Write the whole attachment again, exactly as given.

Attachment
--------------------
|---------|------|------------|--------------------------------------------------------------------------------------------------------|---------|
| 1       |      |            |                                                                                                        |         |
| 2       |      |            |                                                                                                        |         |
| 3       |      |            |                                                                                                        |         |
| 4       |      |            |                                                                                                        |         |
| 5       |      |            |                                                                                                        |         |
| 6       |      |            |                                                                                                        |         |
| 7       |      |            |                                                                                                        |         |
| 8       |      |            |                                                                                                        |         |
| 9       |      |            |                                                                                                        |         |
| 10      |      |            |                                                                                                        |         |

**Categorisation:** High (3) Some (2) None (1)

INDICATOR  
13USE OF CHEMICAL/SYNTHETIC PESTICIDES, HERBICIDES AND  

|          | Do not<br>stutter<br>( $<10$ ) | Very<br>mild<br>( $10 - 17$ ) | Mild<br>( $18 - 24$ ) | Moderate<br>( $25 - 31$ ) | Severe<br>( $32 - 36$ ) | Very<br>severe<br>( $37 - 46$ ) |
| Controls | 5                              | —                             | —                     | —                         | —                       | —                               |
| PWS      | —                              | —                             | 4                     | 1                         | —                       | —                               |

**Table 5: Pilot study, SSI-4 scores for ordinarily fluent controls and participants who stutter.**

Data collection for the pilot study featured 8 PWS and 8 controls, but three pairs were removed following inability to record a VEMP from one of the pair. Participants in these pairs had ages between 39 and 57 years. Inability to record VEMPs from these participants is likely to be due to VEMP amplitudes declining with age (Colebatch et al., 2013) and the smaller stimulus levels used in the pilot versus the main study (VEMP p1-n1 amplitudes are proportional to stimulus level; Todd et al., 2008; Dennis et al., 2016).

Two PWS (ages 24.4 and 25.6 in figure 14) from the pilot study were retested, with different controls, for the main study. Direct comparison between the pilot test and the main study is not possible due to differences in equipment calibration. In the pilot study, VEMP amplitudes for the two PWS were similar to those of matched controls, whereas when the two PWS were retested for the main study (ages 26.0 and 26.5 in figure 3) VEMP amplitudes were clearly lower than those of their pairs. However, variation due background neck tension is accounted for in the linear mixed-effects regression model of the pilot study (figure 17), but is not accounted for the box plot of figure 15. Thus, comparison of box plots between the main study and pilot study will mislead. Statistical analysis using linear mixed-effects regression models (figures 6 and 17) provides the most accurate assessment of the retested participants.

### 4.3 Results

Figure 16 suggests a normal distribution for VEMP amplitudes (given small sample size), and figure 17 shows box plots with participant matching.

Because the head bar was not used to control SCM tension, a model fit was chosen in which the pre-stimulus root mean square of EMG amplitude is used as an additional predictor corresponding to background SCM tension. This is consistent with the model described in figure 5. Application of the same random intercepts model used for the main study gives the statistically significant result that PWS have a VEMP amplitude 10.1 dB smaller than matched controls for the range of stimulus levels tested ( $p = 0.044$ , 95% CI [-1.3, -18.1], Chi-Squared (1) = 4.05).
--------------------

|---------|------|------------|--------------------------------------------------------------------------------------------------------|---------|
| 1       |      |            |                                                                                                        |         |
| 2       |      |            |                                                                                                        |         |
| 3       |      |            |                                                                                                        |         |
| 4       |      |            |                                                                                                        |         |
| 5       |      |            |                                                                                                        |         |
| 6       |      |            |                                                                                                        |         |
| 7       |      |            |                                                                                                        |         |
| 8       |      |            |                                                                                                        |         |
| 9       |      |            |                                                                                                        |         |
| 10      |      |            |                                                                                                        |         |

**Categorisation:** High (3) Some (2) None (1)

INDICATOR  
13USE OF CHEMICAL/SYNTHETIC PESTICIDES, HERBICIDES AND  

|          | Do not<br>stutter<br>( $<10$ ) | Very<br>mild<br>( $10 - 17$ ) | Mild<br>( $18 - 24$ ) | Moderate<br>( $25 - 31$ ) | Severe<br>( $32 - 36$ ) | Very<br>severe<br>( $37 - 46$ ) |
| Controls | 5                              | —                             | —                     | —                         | —                       | —                               |
| PWS      | —                              | —                             | 4                     | 1                         | —                       | —                               |

**Table 5: Pilot study, SSI-4 scores for ordinarily fluent controls and participants who stutter.**

Data collection for the pilot study featured 8 PWS and 8 controls, but three pairs were removed following inability to record a VEMP from one of the pair. Participants in these pairs had ages between 39 and 57 years. Inability to record VEMPs from these participants is likely to be due to VEMP amplitudes declining with age (Colebatch et al., 2013) and the smaller stimulus levels used in the pilot versus the main study (VEMP p1-n1 amplitudes are proportional to stimulus level; Todd et al., 2008; Dennis et al., 2016).

Two PWS (ages 24.4 and 25.6 in figure 14) from the pilot study were retested, with different controls, for the main study. Direct comparison between the pilot test and the main study is not possible due to differences in equipment calibration. In the pilot study, VEMP amplitudes for the two PWS were similar to those of matched controls, whereas when the two PWS were retested for the main study (ages 26.0 and 26.5 in figure 3) VEMP amplitudes were clearly lower than those of their pairs. However, variation due background neck tension is accounted for in the linear mixed-effects regression model of the pilot study (figure 17), but is not accounted for the box plot of figure 15. Thus, comparison of box plots between the main study and pilot study will mislead. Statistical analysis using linear mixed-effects regression models (figures 6 and 17) provides the most accurate assessment of the retested participants.

### 4.3 Results

Figure 16 suggests a normal distribution for VEMP amplitudes (given small sample size), and figure 17 shows box plots with participant matching.

Because the head bar was not used to control SCM tension, a model fit was chosen in which the pre-stimulus root mean square of EMG amplitude is used as an additional predictor corresponding to background SCM tension. This is consistent with the model described in figure 5. Application of the same random intercepts model used for the main study gives the statistically significant result that PWS have a VEMP amplitude 10.1 dB smaller than matched controls for the range of stimulus levels tested ( $p = 0.044$ , 95% CI [-1.3, -18.1], Chi-Squared (1) = 4.05).